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By Nicolae Trofin

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Attestation of a Will

The attestation clause (Testingclause in Scotland) is perhaps themost important part of any will – yet most people don’t know exactly what it is. At least, not when it is called by its proper name(although once it is explained it is likely that everyone would beaware of it).

The attestation clause is the last thing to be written in a will. It is the final proof that the will is correct, genuine, and was written in the right way. They date back to the 1840s, and since then such a clause must be present on every will for it to be considered valid.

What is the attestation clause?

It is the part of the will that promises that:

a) the testator wrote the will without any duress or coercion

b) the testator was in good mental health (sound mind) when the will was written

c) the will was witnessed and that the witnesses signed the will

d) that the signature is the testator’s

e) that the testator was at least 18 when the will was completed (or was a member of the armed forces)

If the will is found not to have the attestation clause on it once the testator dies, then it will be found to be invalid. It will be contested or challenged, and the estate may well become intestate.

Ensuring it’s rights

For a will to be valid it must be made and signed in accordance with the Wills Act 1837.

It may seem the simplest part of dealing with wills but often this is the part which causes the most problems. If a will is not correctly attested as per section 9 of the Wills Act 1837, this may lead to additional costs and delays inproving the will or even the will being found not to be valid and unable to be accepted at probate.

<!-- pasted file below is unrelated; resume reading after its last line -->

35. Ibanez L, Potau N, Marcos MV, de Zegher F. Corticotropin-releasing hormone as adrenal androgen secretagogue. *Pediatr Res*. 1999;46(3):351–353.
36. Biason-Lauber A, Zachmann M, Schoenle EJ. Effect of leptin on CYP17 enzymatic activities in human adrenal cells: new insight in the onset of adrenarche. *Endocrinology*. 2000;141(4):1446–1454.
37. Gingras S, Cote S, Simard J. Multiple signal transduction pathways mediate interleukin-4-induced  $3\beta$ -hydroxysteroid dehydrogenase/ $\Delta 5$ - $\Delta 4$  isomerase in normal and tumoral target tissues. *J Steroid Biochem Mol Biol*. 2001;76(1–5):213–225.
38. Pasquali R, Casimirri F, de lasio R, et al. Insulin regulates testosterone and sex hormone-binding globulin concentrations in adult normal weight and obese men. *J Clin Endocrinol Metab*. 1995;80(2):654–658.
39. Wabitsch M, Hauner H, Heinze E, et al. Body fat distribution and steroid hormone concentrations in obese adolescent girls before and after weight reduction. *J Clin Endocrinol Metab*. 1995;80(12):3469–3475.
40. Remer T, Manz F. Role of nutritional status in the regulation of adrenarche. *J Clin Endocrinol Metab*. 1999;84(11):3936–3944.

For a Grant of Probate to be issued the Probate Court will look at the validity of the will. This being that the will has been attested correctlya nd not tampered with.

The attestation page, commonly the last page, is the most important part of a will – without this a will is invalid. The testator is required to sign and date the will in the presence of two people – the witnesses.

Section 9 of the Wills Act 1837

No will shall be valid unless —it is in writing, and signed by the testator, or by some other person in his presence and by his direction; and it appears that the testator intended by his signature to give effect to the will; and the signature is made or acknowledged by the testator in the presence of two or more witnesses present at the same time; and each witness either—attests and signs the will; or acknowledges his signature, in the presence of the testator (but not necessarily in the presence of any other witness), but no form of attestation shall be necessary.

Note: s9 of the WA 1837 does not require a will to be dated in order for it to be valid; however, a will should be dated in order to prove hat it was the testators last will and testament. If the testator had made previous wills, and these had not been destroyed there could be difficulties in proving which was the last will made leading to extra expense/ time and a danger that an earlier will is proved. There is also another reason for a dating a will; where a will contains a guardianship appointment, it is required to bedated in order for it to be a valid appointment (signed as a deed).

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This message was added on Thursday 9th March 2023

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